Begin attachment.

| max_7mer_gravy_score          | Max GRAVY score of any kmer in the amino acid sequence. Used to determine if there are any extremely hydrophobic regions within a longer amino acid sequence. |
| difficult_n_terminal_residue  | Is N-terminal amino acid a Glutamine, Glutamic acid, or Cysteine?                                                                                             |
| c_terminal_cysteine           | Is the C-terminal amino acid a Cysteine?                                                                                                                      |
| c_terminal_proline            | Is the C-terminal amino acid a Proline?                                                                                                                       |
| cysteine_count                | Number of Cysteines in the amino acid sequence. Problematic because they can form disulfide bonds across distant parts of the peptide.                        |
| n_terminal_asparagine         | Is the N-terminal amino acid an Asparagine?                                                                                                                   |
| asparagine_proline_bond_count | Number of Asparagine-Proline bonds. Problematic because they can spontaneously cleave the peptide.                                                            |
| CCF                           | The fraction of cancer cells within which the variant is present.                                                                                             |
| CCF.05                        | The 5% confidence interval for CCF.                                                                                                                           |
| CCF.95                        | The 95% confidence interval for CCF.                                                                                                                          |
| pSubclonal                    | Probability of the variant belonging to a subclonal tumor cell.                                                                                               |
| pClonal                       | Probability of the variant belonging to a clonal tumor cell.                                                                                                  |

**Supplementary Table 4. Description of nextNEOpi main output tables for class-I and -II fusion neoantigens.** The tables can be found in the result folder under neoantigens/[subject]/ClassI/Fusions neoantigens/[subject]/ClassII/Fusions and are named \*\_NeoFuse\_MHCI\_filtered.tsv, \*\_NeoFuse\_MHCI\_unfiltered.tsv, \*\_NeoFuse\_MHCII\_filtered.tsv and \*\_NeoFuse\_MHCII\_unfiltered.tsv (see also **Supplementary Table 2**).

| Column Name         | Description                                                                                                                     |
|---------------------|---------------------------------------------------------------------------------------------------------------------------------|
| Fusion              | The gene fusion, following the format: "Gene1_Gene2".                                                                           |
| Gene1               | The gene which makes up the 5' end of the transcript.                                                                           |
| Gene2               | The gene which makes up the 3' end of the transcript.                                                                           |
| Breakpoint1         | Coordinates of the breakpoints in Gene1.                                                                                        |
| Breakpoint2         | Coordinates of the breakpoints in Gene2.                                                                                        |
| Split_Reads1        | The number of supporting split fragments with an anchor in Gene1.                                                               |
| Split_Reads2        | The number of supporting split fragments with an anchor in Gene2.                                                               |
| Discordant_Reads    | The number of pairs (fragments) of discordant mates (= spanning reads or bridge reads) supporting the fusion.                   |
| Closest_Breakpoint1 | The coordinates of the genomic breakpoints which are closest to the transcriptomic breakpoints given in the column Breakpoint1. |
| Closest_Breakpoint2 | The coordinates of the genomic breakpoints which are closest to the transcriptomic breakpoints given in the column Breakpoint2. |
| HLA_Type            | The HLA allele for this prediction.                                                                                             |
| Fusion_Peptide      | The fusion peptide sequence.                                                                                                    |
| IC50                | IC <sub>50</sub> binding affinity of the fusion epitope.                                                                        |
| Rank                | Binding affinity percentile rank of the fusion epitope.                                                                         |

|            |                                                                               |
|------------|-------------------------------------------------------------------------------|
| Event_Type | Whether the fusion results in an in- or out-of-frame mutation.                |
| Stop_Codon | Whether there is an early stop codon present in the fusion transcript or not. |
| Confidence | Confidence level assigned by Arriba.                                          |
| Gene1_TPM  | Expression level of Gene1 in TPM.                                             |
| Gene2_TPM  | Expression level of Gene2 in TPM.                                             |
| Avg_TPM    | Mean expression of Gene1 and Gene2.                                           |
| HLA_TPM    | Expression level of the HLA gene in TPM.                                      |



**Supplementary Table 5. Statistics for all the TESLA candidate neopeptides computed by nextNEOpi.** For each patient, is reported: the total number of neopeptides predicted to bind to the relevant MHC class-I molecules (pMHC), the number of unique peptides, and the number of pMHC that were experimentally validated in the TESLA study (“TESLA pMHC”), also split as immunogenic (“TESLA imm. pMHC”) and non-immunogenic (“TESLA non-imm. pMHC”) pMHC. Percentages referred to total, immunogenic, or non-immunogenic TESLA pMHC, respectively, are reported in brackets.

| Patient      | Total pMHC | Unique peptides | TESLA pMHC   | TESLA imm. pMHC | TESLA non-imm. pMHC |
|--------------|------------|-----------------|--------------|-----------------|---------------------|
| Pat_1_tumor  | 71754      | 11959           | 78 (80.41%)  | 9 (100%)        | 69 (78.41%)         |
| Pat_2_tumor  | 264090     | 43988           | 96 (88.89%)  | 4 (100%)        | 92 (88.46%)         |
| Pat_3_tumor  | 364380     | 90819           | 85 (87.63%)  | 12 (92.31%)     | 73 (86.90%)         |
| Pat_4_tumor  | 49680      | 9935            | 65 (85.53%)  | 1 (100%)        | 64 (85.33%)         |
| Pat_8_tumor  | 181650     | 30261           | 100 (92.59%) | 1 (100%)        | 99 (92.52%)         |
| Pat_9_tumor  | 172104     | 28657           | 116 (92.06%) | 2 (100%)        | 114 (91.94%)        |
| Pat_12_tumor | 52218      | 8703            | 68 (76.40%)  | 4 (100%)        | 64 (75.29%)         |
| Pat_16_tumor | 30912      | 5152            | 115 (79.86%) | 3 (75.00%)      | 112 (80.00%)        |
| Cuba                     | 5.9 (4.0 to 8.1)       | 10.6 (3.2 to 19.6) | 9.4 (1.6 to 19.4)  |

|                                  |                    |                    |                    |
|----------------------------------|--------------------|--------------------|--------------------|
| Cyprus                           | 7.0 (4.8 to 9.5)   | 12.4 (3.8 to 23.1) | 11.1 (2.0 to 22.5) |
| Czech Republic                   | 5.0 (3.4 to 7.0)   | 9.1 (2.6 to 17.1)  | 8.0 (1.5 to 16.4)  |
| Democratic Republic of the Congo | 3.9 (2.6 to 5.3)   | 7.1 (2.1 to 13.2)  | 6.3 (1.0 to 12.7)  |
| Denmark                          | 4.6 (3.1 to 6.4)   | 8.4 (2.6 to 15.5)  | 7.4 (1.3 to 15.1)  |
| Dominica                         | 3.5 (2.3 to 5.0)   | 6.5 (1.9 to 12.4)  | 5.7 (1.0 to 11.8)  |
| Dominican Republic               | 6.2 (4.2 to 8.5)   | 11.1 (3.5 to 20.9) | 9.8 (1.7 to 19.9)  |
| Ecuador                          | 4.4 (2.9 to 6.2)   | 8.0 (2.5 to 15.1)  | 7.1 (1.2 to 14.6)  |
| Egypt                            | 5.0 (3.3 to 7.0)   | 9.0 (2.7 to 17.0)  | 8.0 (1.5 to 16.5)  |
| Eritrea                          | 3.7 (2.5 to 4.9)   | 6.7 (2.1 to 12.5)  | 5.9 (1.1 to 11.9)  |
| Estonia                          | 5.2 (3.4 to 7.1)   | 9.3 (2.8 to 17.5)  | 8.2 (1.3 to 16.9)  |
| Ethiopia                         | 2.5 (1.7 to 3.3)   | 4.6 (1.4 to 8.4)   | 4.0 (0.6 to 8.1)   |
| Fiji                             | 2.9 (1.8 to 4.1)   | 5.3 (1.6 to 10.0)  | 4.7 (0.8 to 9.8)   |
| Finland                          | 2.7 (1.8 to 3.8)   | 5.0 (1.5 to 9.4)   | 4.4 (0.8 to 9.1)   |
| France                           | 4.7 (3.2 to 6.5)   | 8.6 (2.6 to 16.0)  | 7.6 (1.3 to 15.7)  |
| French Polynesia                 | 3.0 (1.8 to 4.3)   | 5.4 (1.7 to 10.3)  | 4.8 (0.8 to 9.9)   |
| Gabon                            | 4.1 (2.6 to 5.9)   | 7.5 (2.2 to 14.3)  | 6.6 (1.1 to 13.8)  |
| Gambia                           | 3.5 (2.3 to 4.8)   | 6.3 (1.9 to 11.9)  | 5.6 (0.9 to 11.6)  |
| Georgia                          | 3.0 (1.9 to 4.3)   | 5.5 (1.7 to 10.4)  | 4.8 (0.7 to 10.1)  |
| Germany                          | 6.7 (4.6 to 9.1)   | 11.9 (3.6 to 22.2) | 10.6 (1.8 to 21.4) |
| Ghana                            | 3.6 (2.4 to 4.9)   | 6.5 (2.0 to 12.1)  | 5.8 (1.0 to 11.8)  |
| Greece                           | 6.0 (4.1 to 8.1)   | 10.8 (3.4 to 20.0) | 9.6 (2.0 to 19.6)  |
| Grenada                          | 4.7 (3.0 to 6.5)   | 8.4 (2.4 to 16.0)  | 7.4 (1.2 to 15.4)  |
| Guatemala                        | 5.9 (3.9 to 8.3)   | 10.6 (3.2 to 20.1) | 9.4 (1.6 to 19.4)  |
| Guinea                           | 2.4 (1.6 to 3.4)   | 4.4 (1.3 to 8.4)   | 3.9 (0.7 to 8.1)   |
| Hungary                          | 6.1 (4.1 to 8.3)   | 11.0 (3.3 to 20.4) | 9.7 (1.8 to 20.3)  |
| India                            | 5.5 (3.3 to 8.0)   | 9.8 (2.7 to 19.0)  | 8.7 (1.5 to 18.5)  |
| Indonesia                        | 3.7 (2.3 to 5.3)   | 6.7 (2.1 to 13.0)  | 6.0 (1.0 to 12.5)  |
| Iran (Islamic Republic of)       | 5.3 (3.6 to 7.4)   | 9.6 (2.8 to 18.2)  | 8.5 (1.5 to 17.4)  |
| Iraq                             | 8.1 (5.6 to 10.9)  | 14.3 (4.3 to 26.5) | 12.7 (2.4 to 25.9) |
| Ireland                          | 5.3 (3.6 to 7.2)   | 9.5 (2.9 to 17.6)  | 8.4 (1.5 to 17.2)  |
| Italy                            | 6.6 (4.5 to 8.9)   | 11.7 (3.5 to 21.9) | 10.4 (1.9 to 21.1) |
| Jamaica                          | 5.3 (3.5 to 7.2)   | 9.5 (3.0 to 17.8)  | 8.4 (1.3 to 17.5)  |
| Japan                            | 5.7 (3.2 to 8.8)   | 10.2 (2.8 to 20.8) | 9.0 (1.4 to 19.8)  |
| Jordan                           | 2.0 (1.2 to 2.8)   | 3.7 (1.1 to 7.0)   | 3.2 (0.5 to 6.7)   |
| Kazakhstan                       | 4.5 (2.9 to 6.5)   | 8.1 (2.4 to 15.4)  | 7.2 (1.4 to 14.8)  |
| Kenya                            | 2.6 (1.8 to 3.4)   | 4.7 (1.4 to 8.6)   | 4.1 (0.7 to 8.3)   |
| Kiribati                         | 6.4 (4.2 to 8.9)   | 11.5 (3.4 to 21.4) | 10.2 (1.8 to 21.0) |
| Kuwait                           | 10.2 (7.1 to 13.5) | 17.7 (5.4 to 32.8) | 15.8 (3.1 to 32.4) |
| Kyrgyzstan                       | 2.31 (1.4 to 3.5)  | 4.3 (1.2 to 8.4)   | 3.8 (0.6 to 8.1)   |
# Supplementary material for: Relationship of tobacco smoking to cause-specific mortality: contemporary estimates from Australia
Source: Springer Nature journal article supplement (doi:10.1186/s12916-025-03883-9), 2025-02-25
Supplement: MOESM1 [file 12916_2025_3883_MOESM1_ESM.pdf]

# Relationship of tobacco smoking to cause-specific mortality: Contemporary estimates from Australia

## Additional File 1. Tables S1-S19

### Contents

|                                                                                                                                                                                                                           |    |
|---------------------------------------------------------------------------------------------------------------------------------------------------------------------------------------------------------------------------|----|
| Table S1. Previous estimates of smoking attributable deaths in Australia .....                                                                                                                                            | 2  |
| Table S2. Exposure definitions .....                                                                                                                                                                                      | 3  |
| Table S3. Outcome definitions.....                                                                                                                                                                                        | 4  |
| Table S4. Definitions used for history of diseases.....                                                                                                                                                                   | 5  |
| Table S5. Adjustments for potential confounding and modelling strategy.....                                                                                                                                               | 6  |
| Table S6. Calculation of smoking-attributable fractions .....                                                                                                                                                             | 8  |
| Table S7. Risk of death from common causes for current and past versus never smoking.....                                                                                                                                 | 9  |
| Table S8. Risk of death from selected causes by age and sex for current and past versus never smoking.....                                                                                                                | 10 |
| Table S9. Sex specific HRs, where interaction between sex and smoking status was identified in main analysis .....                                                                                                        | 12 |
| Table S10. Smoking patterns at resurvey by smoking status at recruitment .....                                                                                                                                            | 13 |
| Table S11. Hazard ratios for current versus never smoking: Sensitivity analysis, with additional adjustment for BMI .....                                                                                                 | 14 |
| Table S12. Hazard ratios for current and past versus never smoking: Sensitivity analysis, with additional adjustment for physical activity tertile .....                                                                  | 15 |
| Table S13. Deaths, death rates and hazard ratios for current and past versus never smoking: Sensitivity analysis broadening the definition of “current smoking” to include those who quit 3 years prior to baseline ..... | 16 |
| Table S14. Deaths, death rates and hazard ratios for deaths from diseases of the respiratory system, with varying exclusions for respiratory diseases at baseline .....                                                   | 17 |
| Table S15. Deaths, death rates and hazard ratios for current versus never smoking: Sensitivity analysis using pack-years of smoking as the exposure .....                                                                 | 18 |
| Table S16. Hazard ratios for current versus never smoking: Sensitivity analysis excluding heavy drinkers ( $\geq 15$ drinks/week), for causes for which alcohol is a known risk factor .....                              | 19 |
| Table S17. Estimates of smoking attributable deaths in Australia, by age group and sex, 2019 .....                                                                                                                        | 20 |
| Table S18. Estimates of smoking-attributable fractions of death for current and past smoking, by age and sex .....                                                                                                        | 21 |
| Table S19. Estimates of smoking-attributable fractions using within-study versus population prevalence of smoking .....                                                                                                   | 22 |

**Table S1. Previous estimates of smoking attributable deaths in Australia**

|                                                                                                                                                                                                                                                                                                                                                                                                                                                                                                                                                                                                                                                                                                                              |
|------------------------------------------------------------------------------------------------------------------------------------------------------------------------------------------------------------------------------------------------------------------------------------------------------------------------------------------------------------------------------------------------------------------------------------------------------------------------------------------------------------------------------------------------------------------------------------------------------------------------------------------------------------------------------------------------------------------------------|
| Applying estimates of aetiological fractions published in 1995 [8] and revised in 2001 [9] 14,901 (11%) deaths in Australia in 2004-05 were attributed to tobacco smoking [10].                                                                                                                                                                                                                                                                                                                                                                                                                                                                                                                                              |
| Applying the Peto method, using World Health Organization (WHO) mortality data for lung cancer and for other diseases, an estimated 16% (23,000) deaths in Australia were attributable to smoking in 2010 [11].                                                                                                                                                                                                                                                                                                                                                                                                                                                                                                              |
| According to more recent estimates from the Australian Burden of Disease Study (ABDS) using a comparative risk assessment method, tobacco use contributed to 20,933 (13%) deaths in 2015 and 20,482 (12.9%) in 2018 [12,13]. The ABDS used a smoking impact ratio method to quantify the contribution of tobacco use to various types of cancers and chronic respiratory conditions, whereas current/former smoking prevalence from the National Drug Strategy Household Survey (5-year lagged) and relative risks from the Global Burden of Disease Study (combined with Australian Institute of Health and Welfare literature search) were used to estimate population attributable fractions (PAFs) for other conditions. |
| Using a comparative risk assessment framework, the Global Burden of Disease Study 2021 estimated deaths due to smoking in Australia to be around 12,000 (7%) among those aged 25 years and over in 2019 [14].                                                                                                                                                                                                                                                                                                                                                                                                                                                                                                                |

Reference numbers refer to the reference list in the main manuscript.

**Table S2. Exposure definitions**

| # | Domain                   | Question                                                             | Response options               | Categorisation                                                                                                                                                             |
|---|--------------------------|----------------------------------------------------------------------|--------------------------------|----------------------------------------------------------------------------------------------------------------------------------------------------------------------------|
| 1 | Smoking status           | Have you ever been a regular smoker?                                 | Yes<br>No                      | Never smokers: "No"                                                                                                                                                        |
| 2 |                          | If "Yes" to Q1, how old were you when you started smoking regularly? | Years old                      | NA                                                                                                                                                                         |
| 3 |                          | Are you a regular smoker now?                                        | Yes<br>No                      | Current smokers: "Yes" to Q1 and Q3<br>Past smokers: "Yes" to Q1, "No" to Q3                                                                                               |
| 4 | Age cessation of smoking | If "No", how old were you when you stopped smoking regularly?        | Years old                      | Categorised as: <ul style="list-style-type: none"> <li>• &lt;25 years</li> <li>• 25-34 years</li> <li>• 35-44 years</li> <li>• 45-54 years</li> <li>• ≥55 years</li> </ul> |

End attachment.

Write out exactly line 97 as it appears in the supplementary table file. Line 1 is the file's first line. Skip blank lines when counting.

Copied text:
### Contents